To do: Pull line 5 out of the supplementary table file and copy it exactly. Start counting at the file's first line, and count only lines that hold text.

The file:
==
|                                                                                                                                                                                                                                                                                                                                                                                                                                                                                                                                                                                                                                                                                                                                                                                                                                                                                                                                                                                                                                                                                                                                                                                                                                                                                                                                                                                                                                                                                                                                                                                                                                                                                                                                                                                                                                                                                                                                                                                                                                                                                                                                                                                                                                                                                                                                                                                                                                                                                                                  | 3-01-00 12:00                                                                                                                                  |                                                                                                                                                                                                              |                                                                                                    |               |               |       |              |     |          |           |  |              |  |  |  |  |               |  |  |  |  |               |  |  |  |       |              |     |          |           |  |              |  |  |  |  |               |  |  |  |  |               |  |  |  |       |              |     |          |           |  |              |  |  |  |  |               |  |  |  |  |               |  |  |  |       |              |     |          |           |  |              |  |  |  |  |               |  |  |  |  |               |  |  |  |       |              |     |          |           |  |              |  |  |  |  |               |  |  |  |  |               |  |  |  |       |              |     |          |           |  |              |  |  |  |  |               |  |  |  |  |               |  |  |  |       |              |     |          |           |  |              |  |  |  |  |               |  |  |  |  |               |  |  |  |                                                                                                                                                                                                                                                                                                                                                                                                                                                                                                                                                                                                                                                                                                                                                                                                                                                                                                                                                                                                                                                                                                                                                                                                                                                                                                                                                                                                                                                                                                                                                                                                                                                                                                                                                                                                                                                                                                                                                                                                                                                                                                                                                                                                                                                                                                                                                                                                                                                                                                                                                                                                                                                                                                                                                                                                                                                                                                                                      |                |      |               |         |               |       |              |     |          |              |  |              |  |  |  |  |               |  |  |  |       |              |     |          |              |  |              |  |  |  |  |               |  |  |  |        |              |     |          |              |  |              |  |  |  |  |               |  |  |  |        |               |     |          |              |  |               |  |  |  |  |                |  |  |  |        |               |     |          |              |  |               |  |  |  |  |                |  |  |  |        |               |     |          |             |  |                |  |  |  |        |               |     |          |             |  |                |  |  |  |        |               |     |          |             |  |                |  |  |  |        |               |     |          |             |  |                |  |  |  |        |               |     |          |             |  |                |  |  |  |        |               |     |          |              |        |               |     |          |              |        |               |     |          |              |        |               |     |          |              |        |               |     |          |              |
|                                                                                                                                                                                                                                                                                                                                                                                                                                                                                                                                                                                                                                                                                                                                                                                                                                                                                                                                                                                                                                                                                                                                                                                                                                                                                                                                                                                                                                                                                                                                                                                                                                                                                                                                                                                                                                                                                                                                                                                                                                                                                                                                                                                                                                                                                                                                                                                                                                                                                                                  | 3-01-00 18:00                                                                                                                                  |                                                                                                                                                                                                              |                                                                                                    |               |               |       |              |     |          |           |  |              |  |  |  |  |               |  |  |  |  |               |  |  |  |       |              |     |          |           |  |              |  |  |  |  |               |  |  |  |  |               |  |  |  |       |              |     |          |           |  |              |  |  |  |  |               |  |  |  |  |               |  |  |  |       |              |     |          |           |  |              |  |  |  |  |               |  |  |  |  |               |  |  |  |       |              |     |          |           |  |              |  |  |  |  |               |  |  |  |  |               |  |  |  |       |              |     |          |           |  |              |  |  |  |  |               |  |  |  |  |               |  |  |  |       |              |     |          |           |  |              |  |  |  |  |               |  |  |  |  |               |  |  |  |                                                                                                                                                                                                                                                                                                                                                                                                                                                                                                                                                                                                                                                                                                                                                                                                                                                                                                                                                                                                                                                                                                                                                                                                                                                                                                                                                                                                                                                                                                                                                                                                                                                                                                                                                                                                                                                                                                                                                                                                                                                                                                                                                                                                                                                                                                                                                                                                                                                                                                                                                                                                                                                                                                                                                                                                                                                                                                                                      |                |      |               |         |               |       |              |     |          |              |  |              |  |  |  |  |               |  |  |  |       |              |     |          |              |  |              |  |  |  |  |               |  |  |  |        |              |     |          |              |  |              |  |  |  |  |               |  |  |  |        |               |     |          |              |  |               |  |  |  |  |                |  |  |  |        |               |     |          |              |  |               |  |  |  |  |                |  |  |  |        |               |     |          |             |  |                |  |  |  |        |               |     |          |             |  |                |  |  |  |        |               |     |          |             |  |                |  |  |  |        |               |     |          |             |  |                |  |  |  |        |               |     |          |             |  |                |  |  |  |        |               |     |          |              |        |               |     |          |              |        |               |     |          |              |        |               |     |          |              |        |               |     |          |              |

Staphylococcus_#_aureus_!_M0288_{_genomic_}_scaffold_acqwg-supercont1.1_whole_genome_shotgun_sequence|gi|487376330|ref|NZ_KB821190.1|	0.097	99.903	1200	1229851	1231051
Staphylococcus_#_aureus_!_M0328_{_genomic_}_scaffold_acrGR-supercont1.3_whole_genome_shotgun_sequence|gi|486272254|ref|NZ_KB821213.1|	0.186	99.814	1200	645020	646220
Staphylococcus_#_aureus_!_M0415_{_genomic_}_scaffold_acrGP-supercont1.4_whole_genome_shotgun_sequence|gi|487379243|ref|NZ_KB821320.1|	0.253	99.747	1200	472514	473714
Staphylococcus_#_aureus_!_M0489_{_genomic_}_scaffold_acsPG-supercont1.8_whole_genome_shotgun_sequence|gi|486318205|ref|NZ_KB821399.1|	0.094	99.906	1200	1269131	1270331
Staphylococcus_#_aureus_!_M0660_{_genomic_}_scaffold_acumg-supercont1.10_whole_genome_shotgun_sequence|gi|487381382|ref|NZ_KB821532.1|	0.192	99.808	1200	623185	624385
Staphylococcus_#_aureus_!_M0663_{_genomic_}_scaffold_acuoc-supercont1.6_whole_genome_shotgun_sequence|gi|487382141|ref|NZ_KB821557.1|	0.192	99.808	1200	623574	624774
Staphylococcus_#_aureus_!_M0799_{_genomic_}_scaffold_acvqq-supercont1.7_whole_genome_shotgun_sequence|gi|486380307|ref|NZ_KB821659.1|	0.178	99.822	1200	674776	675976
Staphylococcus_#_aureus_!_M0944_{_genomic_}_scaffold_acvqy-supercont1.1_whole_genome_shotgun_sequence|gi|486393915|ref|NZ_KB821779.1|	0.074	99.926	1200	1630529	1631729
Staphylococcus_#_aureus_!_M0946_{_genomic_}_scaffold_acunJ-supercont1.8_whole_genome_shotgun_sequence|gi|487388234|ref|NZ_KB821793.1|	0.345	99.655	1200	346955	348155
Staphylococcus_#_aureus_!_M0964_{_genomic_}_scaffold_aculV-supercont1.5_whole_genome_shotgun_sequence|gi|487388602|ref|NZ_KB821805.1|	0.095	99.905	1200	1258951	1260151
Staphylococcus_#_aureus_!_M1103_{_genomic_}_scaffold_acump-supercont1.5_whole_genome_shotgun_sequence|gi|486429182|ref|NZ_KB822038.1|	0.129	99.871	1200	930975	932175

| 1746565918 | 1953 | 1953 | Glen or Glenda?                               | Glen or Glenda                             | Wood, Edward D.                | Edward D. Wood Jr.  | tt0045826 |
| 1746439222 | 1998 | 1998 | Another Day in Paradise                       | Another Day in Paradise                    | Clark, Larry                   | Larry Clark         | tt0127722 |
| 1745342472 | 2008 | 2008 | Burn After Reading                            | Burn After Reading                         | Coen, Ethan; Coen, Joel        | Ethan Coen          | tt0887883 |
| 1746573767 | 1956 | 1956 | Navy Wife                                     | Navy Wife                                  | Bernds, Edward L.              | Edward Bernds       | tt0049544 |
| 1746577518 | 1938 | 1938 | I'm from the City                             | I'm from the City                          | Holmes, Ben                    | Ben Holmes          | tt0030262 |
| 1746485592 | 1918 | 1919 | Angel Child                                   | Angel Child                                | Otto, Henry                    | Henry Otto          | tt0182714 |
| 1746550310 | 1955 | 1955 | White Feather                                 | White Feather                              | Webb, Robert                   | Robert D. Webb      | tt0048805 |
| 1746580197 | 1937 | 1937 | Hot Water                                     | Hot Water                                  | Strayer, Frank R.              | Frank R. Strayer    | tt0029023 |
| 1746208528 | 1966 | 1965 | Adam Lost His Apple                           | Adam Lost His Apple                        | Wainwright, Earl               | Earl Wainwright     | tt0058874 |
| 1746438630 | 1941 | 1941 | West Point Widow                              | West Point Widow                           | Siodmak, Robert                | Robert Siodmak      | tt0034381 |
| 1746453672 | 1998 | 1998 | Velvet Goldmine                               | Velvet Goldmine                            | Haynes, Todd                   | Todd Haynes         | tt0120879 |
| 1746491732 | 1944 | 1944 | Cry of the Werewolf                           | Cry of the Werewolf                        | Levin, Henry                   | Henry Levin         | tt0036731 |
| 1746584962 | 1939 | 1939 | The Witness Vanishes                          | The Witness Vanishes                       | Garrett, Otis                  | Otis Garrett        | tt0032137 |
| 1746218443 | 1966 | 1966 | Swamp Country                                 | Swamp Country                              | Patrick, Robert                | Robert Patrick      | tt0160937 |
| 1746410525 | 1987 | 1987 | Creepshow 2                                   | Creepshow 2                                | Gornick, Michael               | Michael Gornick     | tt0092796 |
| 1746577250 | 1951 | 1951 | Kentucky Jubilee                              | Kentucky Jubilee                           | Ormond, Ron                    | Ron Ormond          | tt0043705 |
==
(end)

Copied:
Staphylococcus_#_aureus_!_M0415_{_genomic_}_scaffold_acrGP-supercont1.4_whole_genome_shotgun_sequence|gi|487379243|ref|NZ_KB821320.1|	0.253	99.747	1200	472514	473714